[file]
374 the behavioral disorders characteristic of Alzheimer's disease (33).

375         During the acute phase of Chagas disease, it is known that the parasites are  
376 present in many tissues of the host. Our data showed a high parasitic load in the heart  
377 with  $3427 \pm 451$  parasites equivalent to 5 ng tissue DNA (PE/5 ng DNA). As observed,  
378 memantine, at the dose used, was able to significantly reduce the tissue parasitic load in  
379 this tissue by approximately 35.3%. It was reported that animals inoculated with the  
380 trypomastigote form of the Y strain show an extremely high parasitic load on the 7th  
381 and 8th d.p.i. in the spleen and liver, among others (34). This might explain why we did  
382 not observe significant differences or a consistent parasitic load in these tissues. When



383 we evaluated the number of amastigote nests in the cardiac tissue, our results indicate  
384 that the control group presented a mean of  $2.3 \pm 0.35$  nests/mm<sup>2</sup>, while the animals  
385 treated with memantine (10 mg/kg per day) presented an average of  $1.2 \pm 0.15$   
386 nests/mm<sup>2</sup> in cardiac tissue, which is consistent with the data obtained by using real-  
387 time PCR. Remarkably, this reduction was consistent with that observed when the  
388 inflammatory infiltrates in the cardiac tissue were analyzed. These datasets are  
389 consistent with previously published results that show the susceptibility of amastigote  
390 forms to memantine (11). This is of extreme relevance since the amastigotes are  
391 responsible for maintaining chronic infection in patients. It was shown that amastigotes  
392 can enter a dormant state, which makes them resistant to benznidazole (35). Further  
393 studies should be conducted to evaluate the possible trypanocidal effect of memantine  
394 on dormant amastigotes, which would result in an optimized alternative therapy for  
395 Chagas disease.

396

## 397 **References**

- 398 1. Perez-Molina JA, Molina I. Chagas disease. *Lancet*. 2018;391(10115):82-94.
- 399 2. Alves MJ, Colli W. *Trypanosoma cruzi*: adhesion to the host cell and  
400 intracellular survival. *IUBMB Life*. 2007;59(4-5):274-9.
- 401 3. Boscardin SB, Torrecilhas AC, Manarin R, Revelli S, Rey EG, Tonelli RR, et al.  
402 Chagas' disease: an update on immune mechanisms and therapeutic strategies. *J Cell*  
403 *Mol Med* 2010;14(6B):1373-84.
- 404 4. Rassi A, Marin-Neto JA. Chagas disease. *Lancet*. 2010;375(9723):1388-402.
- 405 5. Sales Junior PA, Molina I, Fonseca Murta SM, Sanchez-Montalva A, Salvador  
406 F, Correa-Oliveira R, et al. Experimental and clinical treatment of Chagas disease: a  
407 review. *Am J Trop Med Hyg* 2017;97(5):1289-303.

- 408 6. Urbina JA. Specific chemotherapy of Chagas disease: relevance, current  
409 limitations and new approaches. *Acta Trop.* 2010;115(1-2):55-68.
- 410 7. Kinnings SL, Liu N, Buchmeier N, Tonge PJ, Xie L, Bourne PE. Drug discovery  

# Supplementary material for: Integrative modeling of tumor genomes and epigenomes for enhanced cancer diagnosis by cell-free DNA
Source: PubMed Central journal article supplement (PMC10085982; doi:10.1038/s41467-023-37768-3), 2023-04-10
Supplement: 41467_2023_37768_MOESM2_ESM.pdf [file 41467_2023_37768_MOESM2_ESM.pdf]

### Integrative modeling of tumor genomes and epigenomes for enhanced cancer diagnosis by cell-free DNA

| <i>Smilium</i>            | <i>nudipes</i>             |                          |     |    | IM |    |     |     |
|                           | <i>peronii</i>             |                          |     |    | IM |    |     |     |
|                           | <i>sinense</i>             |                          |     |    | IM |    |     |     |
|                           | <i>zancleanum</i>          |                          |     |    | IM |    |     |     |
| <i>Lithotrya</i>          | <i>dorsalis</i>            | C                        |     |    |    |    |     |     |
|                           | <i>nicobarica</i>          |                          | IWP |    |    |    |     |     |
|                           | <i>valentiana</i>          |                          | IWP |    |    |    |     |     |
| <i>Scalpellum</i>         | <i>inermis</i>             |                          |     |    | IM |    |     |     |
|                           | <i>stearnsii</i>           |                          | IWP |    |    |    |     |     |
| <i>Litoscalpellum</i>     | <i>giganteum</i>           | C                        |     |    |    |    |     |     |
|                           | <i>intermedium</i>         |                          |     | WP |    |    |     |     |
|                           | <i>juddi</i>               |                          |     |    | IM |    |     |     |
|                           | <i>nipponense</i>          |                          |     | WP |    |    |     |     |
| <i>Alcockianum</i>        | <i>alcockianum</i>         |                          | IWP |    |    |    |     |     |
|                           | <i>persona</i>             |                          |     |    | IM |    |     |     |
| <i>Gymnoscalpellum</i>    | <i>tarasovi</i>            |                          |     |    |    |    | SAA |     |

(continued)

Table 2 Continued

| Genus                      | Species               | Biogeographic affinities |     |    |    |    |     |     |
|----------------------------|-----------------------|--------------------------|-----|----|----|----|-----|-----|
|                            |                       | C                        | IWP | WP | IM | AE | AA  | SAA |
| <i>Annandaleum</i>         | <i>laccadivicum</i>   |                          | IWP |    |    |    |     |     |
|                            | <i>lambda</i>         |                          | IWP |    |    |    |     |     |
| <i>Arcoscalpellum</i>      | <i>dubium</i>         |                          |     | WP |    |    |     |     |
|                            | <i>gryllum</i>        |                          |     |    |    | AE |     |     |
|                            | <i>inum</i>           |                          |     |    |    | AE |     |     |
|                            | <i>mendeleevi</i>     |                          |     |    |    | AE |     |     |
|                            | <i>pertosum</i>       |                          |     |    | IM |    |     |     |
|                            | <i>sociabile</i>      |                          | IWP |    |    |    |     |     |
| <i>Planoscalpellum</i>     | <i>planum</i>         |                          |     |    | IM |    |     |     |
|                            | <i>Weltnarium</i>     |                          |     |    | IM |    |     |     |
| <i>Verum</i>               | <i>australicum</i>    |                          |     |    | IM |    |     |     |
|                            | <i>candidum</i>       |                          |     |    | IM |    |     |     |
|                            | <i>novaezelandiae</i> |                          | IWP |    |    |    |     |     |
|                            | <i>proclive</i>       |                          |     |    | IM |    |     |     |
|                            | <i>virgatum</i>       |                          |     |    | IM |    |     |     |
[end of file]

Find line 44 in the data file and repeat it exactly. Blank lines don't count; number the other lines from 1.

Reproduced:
|                           | <i>sinense</i>             |                          |     |    | IM |    |     |     |